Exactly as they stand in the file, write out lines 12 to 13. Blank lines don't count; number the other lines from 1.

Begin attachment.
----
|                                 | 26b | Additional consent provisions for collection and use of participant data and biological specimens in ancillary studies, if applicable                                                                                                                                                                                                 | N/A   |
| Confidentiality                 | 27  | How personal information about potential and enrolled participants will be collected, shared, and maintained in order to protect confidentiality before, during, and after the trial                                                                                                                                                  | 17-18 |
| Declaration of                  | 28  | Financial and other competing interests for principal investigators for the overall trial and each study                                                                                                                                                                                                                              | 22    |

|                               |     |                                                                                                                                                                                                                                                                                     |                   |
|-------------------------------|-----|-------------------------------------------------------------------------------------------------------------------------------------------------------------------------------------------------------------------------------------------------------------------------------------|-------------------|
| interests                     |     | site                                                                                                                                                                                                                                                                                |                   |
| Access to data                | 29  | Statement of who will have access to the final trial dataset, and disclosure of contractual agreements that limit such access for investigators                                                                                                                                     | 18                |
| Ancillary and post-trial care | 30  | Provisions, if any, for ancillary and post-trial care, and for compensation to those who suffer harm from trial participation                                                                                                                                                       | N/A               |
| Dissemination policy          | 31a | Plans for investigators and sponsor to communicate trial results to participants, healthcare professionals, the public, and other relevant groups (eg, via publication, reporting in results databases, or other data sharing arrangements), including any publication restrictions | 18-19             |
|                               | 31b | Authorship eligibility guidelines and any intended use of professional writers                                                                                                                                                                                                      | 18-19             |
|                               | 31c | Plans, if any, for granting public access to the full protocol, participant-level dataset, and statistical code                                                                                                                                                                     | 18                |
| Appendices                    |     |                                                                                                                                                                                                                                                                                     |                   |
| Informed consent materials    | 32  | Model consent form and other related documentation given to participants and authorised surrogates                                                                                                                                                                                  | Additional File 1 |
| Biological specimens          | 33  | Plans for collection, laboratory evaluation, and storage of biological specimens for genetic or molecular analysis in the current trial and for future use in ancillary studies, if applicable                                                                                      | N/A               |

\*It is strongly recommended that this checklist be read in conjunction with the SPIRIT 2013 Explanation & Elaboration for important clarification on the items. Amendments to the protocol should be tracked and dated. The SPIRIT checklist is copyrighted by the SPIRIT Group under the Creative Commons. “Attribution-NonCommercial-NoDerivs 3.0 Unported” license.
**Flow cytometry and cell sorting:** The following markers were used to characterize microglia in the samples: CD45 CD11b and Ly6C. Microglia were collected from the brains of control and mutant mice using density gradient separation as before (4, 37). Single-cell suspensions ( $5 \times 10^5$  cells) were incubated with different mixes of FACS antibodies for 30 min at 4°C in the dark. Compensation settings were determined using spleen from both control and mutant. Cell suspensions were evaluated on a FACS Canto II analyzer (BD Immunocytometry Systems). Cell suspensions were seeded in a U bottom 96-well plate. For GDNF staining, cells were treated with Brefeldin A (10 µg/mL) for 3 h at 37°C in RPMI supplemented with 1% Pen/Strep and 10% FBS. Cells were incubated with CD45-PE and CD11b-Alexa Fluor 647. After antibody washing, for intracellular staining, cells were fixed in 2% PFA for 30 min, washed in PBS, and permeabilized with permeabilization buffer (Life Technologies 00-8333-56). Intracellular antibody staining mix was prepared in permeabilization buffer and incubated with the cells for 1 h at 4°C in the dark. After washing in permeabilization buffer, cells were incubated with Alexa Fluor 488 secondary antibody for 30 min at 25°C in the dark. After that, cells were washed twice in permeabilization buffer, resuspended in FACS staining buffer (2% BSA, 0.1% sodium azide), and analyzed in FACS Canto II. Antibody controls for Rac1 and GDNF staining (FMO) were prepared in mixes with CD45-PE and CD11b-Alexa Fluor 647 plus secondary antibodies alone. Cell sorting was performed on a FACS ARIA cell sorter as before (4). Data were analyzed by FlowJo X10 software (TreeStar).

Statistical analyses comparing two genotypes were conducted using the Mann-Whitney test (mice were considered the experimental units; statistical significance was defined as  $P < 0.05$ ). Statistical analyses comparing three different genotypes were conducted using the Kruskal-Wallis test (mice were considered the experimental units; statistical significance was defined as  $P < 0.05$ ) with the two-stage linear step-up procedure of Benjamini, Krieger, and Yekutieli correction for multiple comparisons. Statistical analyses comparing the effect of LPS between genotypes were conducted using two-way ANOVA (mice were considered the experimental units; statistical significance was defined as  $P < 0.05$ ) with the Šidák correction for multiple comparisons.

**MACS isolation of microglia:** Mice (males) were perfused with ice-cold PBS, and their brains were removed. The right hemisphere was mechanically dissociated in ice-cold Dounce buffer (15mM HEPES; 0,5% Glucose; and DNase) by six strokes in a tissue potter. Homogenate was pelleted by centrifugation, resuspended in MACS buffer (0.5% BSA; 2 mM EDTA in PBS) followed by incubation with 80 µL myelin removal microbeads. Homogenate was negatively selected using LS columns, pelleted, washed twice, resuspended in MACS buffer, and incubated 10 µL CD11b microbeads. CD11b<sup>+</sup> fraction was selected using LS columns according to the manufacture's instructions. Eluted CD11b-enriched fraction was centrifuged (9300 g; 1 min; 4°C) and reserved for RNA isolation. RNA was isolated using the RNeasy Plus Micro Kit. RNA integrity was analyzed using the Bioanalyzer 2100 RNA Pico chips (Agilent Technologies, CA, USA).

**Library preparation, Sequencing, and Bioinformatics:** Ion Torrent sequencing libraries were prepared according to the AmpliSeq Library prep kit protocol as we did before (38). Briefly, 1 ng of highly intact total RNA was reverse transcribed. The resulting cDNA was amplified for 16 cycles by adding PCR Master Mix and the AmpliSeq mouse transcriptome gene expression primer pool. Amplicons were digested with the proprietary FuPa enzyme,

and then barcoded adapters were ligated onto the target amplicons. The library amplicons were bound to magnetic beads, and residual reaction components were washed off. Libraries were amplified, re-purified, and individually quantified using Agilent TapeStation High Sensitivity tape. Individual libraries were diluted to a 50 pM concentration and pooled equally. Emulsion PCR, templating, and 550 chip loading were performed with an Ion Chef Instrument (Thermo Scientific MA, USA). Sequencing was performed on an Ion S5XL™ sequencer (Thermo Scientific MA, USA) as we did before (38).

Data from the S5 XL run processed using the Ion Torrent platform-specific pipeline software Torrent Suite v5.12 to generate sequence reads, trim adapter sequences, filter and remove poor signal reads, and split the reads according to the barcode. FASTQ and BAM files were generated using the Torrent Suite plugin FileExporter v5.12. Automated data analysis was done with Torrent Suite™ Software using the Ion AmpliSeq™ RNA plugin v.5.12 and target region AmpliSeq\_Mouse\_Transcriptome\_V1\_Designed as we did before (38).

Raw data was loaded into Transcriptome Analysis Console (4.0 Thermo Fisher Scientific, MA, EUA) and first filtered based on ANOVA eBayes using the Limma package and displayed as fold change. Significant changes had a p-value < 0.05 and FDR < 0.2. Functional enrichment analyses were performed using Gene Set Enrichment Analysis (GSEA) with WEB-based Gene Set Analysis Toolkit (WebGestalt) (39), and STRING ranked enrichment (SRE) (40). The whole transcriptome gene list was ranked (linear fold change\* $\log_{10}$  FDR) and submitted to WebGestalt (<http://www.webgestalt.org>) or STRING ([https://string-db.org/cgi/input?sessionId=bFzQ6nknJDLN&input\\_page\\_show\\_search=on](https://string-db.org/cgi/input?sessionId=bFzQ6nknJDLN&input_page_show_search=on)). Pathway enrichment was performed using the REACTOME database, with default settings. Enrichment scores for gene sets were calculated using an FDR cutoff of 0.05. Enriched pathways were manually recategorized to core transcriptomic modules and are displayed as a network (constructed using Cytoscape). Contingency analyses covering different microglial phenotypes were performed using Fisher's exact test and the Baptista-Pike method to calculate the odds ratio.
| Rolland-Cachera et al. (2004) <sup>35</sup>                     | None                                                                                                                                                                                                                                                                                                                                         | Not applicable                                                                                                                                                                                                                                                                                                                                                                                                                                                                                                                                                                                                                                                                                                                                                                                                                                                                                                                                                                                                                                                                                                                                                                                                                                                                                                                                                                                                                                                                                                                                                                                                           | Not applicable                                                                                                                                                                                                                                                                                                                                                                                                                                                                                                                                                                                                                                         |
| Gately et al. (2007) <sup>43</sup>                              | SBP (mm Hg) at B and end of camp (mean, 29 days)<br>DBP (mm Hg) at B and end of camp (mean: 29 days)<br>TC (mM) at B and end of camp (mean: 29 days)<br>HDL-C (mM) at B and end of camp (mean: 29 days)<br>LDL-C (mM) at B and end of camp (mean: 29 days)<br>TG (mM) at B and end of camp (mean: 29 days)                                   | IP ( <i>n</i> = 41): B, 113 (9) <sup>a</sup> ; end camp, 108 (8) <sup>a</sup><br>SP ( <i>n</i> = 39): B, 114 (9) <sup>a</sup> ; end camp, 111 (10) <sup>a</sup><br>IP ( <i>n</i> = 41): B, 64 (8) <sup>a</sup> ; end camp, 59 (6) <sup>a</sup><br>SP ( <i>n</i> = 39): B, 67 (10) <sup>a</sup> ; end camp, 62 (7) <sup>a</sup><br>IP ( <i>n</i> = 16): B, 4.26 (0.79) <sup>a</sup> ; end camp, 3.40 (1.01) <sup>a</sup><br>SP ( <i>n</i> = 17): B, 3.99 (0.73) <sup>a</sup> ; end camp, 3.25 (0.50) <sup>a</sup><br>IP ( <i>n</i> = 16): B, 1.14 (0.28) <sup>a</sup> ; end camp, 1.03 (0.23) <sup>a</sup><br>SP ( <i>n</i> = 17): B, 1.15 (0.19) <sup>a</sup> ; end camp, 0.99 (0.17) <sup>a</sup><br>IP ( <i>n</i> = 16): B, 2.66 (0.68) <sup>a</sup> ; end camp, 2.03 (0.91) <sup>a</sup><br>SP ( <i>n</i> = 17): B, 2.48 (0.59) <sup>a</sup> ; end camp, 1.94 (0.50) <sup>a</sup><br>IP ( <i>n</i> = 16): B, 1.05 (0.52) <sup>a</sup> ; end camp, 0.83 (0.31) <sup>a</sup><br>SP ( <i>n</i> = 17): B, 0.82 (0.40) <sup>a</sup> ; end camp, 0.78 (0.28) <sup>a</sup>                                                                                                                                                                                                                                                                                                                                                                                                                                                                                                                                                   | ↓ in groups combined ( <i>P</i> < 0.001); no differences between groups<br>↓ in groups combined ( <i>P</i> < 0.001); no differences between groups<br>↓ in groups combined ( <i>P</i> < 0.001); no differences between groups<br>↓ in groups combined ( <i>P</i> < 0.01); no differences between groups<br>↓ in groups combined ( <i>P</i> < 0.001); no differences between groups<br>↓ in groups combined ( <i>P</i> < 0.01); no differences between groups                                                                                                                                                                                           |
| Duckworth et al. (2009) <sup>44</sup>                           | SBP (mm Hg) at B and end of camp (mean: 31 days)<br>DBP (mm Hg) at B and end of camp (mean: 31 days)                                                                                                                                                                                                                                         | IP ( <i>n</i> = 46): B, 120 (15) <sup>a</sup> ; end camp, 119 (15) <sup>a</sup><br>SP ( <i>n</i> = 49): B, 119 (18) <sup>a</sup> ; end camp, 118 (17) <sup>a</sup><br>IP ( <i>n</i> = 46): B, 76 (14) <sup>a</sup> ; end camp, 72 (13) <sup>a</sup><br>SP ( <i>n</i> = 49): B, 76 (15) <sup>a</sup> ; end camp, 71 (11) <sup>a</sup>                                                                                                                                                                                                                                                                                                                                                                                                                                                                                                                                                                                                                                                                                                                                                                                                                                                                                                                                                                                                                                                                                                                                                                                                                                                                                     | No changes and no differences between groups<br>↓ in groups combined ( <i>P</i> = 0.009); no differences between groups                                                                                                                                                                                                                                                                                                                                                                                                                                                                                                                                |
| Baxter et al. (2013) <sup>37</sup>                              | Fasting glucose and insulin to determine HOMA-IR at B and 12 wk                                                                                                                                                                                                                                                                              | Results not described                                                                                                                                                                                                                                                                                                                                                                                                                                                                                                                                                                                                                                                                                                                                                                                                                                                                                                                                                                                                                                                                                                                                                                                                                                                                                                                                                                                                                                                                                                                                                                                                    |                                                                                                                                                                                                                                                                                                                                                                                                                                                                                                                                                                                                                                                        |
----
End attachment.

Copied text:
| Appendices                    |     |                                                                                                                                                                                                                                                                                     |                   |
| Informed consent materials    | 32  | Model consent form and other related documentation given to participants and authorised surrogates                                                                                                                                                                                  | Additional File 1 |